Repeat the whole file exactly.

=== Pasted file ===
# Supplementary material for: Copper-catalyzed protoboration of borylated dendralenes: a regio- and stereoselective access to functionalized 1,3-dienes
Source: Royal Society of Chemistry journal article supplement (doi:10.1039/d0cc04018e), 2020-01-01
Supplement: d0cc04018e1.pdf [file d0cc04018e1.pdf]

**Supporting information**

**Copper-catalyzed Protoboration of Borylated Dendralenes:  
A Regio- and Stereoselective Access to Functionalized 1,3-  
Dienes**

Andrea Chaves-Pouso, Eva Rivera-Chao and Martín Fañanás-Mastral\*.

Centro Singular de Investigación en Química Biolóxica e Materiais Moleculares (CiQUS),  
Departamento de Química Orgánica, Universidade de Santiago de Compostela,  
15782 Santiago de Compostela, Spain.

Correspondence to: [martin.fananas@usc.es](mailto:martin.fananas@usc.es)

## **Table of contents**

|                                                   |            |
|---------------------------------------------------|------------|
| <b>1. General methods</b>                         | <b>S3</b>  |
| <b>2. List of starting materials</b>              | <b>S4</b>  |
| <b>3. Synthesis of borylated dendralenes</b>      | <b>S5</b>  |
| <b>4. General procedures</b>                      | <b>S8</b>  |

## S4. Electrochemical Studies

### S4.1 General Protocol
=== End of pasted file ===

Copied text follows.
# Supplementary material for: Copper-catalyzed protoboration of borylated dendralenes: a regio- and stereoselective access to functionalized 1,3-dienes
Source: Royal Society of Chemistry journal article supplement (doi:10.1039/d0cc04018e), 2020-01-01
Supplement: d0cc04018e1.pdf [file d0cc04018e1.pdf]

**Supporting information**

**Copper-catalyzed Protoboration of Borylated Dendralenes:  
A Regio- and Stereoselective Access to Functionalized 1,3-  
Dienes**

Andrea Chaves-Pouso, Eva Rivera-Chao and Martín Fañanás-Mastral\*.

Centro Singular de Investigación en Química Biolóxica e Materiais Moleculares (CiQUS),  
Departamento de Química Orgánica, Universidade de Santiago de Compostela,  
15782 Santiago de Compostela, Spain.

Correspondence to: [martin.fananas@usc.es](mailto:martin.fananas@usc.es)

## **Table of contents**

|                                                   |            |
|---------------------------------------------------|------------|
| <b>1. General methods</b>                         | <b>S3</b>  |
| <b>2. List of starting materials</b>              | <b>S4</b>  |
| <b>3. Synthesis of borylated dendralenes</b>      | <b>S5</b>  |
| <b>4. General procedures</b>                      | <b>S8</b>  |

## S4. Electrochemical Studies

### S4.1 General Protocol